History of the Ship Inn
The following notes were compiled by the late H.L.Douch who was the Curator of the Royal Instituition of Truro (Truro Museum) and sent to Graham Rideout who was the Landlord of the Ship Inn Pentewan in the 1980’s.
In June 1749 a sale was held at the sign of the ‘Ship Inn’ Pentewan and in May 1774 another sale at the house of John Sims in Pentewan. John Sims probably kept this older Ship Inn. The first notice of the Ship Inn where it is today is in the West Briton newspaper of January 29th 1836 when a son of the landlord, Thomas Varcoe died. In July of the same year the house was advertised as to let by tender described as ‘That excellent public house known by the name of the Ship Inn situated at Pentewan and now in the occupation of Mr. T.Varcoe the Proprietor. The house is newly built and contains eleven rooms besides brew house and all other requisite appurtenances’.
It is thought that most pubs on the south coast of Cornwall called the Ship Inn would have been originally named after a local ship which had a special significance to people in the locality. As time went on knowledge of which ship it may have been would have been forgotten so the public house just became the ‘Ship Inn’.
Thomas Varcoe was still at the Ship Inn in September 1839 when his wife died. At some point between then and 1856 the landlord changed, the new one was Timothy Sarah. In November 1861 he was fined £50 with £5 costs for brewing without making a prior entry on the excise form and for having above his door – without the appropriate licence – the words ‘to sell tobacco’.
In December 1865 Timothy Sarah was found dead in bed. The entry for this in the local paper refers to him as; ‘for many years of the ‘Hawkins Arms’ Pentewan’. He must have been landlord in the Hawkins Arms before moving to the Ship Inn. Another entry in the same newspaper records that; ‘Timothy Sarah of the Ship Inn Pentewan who supplied horses for the working of the tram-railway to the dock at Pentewan was found dead in his bed on Sunday’. The inquest stated, his death was by natural causes. He was 66 years old. He was succeeded as landlord by Captain John Kellow. Probably the same John Kellow who had been a Master Mariner. At some point between 1873 and 1892 Kellow was followed by John Hocking who died in 1892.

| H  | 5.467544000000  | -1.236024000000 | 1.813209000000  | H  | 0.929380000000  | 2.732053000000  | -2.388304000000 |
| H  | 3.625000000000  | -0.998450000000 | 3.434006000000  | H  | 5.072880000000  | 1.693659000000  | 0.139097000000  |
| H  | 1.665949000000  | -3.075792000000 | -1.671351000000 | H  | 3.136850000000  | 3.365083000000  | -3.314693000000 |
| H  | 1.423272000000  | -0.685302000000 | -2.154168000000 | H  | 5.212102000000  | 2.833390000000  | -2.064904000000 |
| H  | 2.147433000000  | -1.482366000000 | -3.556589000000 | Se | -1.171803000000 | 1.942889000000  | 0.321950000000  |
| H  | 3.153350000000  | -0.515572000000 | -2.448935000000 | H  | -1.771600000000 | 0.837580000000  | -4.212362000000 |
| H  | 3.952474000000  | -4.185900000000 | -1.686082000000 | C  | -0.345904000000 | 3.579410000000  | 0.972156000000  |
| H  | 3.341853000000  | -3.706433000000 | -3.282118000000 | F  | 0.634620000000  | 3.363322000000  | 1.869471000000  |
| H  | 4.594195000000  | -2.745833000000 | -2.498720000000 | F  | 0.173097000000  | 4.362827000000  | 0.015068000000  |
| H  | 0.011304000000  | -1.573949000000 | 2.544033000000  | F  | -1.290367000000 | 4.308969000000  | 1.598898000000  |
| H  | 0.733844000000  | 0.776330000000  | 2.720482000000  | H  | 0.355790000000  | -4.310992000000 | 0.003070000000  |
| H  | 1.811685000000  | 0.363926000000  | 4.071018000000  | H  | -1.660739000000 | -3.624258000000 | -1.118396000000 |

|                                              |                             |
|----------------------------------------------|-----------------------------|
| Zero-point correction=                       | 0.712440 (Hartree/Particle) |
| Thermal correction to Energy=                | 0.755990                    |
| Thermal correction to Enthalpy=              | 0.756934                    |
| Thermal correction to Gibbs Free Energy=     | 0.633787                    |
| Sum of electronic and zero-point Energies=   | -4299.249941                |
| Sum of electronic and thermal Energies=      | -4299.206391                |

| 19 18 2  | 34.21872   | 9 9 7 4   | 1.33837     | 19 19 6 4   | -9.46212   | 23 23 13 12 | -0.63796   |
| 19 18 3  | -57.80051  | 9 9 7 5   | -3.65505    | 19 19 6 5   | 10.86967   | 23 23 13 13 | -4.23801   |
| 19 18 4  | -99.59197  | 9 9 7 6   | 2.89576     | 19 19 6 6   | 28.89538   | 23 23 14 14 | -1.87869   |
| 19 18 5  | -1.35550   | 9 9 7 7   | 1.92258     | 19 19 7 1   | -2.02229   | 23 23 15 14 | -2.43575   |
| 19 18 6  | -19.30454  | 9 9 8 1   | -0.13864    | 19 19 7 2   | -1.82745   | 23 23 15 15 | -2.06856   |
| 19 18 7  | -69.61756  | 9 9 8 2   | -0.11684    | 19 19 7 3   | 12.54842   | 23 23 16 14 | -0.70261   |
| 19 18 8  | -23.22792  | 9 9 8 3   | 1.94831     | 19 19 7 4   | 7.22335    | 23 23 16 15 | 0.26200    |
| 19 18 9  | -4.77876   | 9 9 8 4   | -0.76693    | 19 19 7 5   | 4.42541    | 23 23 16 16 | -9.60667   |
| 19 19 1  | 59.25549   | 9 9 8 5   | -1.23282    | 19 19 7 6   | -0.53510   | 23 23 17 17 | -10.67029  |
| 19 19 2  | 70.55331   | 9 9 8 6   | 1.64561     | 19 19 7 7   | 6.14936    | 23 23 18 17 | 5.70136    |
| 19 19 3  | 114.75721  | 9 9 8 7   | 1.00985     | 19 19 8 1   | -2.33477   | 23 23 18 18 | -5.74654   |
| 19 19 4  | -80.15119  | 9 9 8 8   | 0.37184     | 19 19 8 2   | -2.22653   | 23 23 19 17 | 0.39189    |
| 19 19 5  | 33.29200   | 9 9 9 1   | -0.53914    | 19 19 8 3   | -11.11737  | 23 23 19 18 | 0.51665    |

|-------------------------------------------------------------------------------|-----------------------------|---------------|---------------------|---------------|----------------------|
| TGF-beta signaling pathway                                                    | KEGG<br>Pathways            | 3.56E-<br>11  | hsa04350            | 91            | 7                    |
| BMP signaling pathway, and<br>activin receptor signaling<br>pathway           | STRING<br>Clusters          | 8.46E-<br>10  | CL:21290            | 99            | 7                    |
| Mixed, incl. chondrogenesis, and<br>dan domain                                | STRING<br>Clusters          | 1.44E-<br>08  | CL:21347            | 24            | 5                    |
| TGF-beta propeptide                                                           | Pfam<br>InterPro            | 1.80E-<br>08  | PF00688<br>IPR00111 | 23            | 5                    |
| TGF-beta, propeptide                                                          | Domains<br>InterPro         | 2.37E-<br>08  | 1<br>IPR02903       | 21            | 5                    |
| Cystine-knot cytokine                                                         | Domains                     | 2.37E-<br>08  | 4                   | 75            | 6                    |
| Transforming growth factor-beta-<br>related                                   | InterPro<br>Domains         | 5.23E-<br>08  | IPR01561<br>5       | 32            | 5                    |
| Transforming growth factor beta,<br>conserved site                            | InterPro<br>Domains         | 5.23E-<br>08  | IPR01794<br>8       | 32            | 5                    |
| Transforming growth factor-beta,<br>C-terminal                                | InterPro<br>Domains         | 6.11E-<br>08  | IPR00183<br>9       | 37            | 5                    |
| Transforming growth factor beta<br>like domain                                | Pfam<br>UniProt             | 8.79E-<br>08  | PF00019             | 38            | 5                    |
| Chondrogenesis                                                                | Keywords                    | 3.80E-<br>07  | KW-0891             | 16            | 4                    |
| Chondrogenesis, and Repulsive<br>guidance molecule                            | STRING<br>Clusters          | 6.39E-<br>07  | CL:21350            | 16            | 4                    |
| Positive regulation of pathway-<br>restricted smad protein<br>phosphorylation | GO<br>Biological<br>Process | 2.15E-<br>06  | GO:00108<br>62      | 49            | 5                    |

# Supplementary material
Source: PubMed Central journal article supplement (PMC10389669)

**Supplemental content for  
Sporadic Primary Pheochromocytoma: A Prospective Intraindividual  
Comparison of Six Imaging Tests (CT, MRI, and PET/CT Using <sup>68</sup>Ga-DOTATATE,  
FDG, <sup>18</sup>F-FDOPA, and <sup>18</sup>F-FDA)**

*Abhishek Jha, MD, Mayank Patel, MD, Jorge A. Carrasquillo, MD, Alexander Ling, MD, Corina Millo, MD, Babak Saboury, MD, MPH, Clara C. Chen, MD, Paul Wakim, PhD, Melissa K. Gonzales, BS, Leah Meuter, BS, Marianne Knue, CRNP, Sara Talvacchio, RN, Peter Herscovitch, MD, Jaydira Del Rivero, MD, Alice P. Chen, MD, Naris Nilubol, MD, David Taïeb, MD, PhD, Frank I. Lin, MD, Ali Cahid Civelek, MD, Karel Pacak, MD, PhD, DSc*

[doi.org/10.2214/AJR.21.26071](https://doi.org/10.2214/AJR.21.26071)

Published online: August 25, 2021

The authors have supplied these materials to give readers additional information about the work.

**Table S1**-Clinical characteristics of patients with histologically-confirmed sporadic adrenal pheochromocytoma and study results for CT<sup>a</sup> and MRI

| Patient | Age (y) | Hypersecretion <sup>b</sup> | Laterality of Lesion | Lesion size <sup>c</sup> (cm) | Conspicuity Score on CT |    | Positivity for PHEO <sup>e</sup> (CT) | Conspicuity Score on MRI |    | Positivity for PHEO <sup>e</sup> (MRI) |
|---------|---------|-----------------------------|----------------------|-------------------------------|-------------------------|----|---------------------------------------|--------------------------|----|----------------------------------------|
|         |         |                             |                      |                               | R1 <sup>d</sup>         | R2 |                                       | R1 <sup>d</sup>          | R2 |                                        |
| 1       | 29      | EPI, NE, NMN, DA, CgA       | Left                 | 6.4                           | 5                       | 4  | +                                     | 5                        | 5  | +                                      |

James Geach the next landlord applied for a seven day licence in 1895 but was turned down on a technicality. In 1898 he was fined for keeping late hours. An article in the West Briton newspaper of 3rd August 1903 records; ‘There are those living who remember when it took three public houses to keep going the licence trade at Pentewan, the Jolly Sailor, the Hawkins Arms and the Ship Inn. Fortunately the first two have been turned to better purpose’.
By 1911 the landlordship of the Ship Inn had changed again. In March of that year it was reported in the local newspaper that Mr. C Weaver of the Ship Inn Pentewan was coming down East Hill St Austell in his pony and trap. The horse bolted and a passenger, a boy named Ernest Dungey, jumped out unhurt near the White Hart. The pony then turned down Duke Street breaking several panes of glass. Mr Weaver was unhurt and the pony was only slightly cut.
The lower end of the lounge bar of the Ship Inn was formerly a cottage which was next door and was taken over to make the pub a larger building.
The pub known as the Hawkins Arms which was where The Cove shop and café’are today, (2012), in 1837 the landlord was Joseph Phillips and in 1839 William Davies.
The pub the Jolly Sailor was situated in the square, where today the building houses two separate flats. This pub was destroyed by fire around 1878. In 1856 when the landlord was William Marshall the pub was advertised to let. A Mr Hennah was the next mine host and the licence was transferred from him to John Hocking in 1869. The licence was not renewed at the 1878 Brewsters Sessions.
Courtesy of Robert Evans local historian.